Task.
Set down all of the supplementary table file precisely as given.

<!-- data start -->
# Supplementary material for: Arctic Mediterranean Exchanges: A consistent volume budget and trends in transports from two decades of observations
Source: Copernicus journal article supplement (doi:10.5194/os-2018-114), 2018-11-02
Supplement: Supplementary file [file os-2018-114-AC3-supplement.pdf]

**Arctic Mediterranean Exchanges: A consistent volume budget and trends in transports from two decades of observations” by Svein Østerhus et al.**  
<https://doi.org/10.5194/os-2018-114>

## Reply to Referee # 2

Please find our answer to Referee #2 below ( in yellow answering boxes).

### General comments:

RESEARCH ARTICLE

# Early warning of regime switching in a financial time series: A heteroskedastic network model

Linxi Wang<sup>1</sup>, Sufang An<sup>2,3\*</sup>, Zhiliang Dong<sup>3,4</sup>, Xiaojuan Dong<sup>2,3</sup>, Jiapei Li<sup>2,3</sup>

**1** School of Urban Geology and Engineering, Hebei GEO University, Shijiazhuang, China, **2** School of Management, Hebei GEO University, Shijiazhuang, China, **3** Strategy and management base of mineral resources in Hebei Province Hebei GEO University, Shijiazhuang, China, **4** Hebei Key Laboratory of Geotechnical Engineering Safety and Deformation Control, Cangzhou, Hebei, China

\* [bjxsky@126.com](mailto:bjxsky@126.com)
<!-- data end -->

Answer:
# Supplementary material for: Arctic Mediterranean Exchanges: A consistent volume budget and trends in transports from two decades of observations
Source: Copernicus journal article supplement (doi:10.5194/os-2018-114), 2018-11-02
Supplement: Supplementary file [file os-2018-114-AC3-supplement.pdf]

**Arctic Mediterranean Exchanges: A consistent volume budget and trends in transports from two decades of observations” by Svein Østerhus et al.**  
<https://doi.org/10.5194/os-2018-114>

## Reply to Referee # 2

Please find our answer to Referee #2 below ( in yellow answering boxes).

### General comments:

RESEARCH ARTICLE

# Early warning of regime switching in a financial time series: A heteroskedastic network model

Linxi Wang<sup>1</sup>, Sufang An<sup>2,3\*</sup>, Zhiliang Dong<sup>3,4</sup>, Xiaojuan Dong<sup>2,3</sup>, Jiapei Li<sup>2,3</sup>

**1** School of Urban Geology and Engineering, Hebei GEO University, Shijiazhuang, China, **2** School of Management, Hebei GEO University, Shijiazhuang, China, **3** Strategy and management base of mineral resources in Hebei Province Hebei GEO University, Shijiazhuang, China, **4** Hebei Key Laboratory of Geotechnical Engineering Safety and Deformation Control, Cangzhou, Hebei, China

\* [bjxsky@126.com](mailto:bjxsky@126.com)